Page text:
Acupuncture, alone or with the medication clomiphene, does not appear to be effective in treating infertility in women with polycystic ovary syndrome (PCOS), according to an international team of researchers. The finding casts doubts on previous smaller trials that have suggested that acupuncture may improve reproductive function in women affected by infertility.
“Our hypothesis was that women who received acupuncture with clomiphene would do much better than women who received only active acupuncture or only clomiphene, but we found that acupuncture added very little,” said Richard S. Legro, professor of obstetrics and gynecology at Penn State College of Medicine. “We thought we would see the two interventions interacting for the benefit of the patient, but we didn’t see that, which was surprising.”
PCOS, which affects an estimated 5 to 10 percent of women of reproductive age, is the most common cause of female infertility. While clomiphene is a first-line treatment used to induce ovulation in women with PCOS, it has downsides — namely that in a significant number of women it does not lead to improved ovulation or live births, and if it does induce ovulation, it frequently results in pregnancies with multiples who face much higher negative outcomes including death. Because women are increasingly seeking out acupuncture in order to induce ovulation, researchers decided to study whether or not the traditional Chinese medicine therapy could serve as a supplemental treatment along with clomiphene to improve pregnancy outcomes.
The researchers conducted a randomized, multicenter, clinical trial that included 1,000 Chinese women with PCOS at 21 sites in China. The women were divided into four groups in which they received one of four interventions: clomiphene plus active acupuncture; clomiphene plus control acupuncture (also called placebo acupuncture or mock acupuncture); placebo medication plus active acupuncture; or placebo medication plus control acupuncture. The women were given active or control acupuncture twice a week in addition to clomiphene or placebo medication for five days per ovulation cycle for up to six months. Neither the patient nor their physician knew the type of medication and acupuncture received.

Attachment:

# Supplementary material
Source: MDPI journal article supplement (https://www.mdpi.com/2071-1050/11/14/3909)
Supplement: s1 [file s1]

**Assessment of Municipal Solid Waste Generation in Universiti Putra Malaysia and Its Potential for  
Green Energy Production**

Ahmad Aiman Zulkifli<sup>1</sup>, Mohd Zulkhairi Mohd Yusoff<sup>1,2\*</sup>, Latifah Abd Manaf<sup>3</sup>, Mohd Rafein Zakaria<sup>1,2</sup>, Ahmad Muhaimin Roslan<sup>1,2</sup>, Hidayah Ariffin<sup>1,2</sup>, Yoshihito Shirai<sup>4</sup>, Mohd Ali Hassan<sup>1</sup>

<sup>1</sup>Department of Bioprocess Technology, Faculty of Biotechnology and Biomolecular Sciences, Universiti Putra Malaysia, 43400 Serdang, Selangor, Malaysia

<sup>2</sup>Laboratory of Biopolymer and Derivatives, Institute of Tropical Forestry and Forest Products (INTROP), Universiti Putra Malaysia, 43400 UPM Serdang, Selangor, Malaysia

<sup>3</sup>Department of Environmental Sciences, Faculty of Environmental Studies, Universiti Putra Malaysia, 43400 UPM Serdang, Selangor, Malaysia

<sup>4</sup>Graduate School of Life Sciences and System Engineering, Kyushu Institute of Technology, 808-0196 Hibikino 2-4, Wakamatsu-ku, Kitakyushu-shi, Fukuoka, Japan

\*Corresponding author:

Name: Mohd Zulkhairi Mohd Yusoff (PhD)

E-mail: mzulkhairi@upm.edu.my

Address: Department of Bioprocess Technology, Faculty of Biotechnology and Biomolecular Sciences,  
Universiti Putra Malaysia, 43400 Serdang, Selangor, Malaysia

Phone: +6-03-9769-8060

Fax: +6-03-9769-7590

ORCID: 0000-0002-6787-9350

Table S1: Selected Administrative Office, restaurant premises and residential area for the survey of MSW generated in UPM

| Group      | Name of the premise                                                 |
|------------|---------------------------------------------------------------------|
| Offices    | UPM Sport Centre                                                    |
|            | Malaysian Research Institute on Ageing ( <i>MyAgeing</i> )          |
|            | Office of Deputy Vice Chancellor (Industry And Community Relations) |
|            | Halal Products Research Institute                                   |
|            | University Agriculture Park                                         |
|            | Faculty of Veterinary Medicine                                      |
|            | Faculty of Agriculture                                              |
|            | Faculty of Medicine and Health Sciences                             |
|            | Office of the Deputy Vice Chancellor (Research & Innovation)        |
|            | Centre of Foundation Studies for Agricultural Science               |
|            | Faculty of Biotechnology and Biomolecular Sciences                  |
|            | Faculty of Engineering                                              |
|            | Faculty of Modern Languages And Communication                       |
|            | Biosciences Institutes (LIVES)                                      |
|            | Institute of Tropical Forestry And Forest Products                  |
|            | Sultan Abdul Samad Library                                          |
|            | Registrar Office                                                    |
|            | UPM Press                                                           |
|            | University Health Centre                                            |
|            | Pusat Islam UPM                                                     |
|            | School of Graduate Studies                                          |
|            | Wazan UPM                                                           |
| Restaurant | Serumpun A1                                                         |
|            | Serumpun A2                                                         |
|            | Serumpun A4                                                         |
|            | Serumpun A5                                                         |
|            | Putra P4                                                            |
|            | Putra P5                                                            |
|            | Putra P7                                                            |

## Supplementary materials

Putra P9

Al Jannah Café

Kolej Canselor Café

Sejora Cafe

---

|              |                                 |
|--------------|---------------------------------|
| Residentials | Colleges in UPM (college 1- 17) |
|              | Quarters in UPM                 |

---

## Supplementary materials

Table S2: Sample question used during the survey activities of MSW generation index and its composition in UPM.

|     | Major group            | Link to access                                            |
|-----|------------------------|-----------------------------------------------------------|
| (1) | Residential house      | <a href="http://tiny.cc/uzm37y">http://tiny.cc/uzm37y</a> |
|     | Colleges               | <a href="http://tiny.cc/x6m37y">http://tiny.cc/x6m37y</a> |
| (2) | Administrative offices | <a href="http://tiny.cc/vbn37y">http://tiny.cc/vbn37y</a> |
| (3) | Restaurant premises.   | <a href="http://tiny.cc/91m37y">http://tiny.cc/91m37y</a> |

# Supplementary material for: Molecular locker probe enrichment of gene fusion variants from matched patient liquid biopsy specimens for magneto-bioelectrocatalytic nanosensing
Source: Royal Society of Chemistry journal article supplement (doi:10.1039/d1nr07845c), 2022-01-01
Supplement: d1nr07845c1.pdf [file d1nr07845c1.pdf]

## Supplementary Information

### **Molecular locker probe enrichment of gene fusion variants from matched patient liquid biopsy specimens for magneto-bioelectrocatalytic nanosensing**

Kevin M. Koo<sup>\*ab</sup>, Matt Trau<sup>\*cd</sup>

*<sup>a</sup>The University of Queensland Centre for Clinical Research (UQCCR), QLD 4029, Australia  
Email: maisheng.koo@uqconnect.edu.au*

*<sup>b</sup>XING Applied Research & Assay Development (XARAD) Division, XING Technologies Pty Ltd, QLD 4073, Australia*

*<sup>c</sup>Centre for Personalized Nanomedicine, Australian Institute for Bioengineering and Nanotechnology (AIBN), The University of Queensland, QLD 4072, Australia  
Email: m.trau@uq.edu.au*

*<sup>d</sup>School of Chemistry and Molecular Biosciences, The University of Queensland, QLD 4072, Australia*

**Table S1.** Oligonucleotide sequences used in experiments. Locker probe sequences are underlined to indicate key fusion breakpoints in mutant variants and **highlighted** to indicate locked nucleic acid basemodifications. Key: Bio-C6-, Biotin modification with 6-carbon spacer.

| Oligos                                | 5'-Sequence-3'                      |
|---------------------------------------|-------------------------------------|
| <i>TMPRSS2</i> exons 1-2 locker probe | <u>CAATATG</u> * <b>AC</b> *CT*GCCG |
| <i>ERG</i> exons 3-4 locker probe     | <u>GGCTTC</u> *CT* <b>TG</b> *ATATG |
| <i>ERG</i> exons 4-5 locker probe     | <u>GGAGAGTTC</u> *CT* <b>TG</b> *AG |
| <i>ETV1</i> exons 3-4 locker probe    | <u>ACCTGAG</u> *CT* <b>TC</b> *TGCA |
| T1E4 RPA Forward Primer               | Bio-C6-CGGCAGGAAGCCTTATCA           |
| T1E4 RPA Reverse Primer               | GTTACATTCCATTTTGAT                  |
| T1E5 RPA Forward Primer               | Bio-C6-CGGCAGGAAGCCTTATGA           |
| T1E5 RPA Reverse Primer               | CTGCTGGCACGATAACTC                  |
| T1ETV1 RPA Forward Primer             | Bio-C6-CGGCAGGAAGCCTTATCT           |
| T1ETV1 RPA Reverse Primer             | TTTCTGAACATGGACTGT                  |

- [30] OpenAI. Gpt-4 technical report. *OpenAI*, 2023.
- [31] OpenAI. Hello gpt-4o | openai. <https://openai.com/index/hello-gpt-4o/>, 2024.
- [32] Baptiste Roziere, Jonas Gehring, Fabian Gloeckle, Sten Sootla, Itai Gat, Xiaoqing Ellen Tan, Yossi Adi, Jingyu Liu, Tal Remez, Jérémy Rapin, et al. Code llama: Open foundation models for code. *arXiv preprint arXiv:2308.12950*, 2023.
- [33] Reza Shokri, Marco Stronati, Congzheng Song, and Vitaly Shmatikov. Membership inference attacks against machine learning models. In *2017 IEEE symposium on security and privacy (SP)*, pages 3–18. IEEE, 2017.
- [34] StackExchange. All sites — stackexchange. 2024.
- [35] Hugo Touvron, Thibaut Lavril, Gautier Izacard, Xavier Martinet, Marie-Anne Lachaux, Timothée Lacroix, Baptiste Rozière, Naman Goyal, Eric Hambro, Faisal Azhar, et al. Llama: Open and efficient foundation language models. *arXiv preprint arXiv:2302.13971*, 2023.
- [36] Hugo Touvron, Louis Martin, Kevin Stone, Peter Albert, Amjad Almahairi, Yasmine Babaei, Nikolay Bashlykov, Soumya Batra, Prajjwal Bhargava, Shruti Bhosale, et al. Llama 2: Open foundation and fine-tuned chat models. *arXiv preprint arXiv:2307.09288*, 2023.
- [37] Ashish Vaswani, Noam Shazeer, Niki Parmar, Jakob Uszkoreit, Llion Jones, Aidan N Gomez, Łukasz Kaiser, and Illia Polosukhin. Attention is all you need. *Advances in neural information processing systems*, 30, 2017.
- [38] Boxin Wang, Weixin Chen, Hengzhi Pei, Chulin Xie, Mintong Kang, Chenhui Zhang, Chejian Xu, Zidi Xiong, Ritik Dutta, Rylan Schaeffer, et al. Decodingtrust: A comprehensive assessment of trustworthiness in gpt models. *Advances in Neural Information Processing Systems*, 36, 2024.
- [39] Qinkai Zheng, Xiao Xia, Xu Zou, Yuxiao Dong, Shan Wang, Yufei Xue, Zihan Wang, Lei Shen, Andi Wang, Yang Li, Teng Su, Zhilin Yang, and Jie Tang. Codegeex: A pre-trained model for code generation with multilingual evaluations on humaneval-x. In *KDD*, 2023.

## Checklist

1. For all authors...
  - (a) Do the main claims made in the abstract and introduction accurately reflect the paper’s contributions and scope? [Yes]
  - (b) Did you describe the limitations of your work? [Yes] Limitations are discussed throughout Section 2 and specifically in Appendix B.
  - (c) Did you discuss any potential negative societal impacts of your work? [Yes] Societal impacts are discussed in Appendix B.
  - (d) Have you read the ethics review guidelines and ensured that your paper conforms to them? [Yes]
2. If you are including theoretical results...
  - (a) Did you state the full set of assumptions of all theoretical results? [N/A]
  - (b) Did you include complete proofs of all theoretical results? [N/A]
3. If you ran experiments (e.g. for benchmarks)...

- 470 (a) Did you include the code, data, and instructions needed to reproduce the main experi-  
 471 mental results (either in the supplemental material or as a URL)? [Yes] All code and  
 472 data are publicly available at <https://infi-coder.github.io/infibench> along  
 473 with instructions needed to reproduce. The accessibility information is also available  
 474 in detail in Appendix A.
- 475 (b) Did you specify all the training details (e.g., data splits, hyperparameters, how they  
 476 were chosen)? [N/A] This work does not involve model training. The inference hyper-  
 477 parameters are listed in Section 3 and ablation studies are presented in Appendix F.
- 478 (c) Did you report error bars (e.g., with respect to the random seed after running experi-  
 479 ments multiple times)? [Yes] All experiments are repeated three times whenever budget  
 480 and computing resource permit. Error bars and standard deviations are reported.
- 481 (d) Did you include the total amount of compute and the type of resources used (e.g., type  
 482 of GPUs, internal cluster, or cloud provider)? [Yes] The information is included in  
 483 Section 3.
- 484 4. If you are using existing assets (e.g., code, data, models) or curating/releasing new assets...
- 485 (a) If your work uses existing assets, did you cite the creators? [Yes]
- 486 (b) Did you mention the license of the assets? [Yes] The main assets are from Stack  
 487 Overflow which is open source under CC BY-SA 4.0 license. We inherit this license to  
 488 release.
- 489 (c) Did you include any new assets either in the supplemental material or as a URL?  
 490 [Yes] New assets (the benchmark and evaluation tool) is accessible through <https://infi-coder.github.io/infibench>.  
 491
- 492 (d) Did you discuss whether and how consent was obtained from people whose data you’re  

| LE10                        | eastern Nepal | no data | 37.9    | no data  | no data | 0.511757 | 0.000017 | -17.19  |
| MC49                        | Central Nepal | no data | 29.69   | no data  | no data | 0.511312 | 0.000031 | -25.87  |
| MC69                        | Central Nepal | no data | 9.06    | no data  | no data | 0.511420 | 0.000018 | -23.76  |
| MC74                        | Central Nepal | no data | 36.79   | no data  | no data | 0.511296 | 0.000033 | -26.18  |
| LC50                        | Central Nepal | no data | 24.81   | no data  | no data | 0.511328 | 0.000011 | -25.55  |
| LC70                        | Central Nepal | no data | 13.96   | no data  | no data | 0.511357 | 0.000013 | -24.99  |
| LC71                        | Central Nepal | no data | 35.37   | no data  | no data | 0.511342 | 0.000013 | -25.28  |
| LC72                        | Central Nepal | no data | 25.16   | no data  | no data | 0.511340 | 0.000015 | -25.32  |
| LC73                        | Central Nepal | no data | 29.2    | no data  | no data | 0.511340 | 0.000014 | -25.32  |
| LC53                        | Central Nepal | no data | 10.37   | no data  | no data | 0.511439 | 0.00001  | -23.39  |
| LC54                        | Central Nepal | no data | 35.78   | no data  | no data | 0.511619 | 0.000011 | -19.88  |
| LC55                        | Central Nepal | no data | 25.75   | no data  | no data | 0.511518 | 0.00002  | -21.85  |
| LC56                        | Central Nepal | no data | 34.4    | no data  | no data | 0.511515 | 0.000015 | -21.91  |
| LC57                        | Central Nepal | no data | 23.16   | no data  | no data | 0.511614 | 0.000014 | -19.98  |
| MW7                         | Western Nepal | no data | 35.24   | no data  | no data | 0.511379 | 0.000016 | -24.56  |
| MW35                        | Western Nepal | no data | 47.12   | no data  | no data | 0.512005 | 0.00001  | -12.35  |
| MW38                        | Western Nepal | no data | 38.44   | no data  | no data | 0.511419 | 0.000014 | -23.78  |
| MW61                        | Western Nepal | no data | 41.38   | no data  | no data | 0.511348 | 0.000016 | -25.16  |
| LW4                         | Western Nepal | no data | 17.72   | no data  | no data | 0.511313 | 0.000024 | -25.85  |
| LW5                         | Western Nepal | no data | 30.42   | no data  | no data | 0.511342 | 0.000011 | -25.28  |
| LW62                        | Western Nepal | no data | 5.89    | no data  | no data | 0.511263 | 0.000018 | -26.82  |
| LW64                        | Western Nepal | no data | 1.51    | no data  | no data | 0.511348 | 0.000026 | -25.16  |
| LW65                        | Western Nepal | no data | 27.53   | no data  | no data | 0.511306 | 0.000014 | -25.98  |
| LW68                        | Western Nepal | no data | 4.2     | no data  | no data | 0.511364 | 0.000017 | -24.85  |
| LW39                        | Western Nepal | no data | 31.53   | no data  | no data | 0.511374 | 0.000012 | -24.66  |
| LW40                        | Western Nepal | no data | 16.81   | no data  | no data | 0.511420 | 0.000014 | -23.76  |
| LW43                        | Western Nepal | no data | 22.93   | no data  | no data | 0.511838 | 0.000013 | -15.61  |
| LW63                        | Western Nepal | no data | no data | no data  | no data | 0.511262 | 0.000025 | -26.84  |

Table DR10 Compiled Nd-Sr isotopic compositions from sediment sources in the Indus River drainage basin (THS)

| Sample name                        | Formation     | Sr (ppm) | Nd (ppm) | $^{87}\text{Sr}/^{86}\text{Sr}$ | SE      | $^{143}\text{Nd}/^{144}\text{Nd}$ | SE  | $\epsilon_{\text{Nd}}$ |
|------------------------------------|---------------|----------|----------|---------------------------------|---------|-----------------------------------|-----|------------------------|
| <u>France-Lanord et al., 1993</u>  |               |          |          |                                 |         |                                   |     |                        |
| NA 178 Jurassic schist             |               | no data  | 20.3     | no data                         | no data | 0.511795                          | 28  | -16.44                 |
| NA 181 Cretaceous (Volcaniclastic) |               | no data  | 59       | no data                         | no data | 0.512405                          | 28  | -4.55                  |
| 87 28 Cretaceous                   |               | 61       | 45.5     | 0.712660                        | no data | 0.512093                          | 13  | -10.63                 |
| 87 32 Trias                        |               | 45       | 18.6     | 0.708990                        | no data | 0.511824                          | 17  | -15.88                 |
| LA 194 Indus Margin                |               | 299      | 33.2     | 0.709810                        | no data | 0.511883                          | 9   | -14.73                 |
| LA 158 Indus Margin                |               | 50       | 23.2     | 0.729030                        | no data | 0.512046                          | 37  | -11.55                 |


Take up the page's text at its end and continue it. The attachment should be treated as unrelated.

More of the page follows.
After following all of the 926 women who completed the trial for 10 months beyond the trial period for pregnancy outcomes, the researchers found that active acupuncture, with or without clomiphene, compared to control acupuncture and placebo medication, did not increase live births.
“There is an impression out there that acupuncture, in addition to conventional treatment, improves success rates. But this study showed that acupuncture added nothing beyond medication,” said Legro, who noted that this large trial is one of the highest quality acupuncture trials to address fertility outcomes.
The study, published in the Journal of the American Medical Association, is not only applicable to Chinese women with PCOS; the results are also relevant to women around the world, Legro explained.
“The take-home message is that when acupuncture is used to treat infertility, it does not improve the chances of having a baby,” he said.
A limitation of this study is that the method of acupuncture did not fully mimic traditional Chinese medicine which could include herbal mixtures, so that additional factors beyond acupuncture weren’t added to the study data.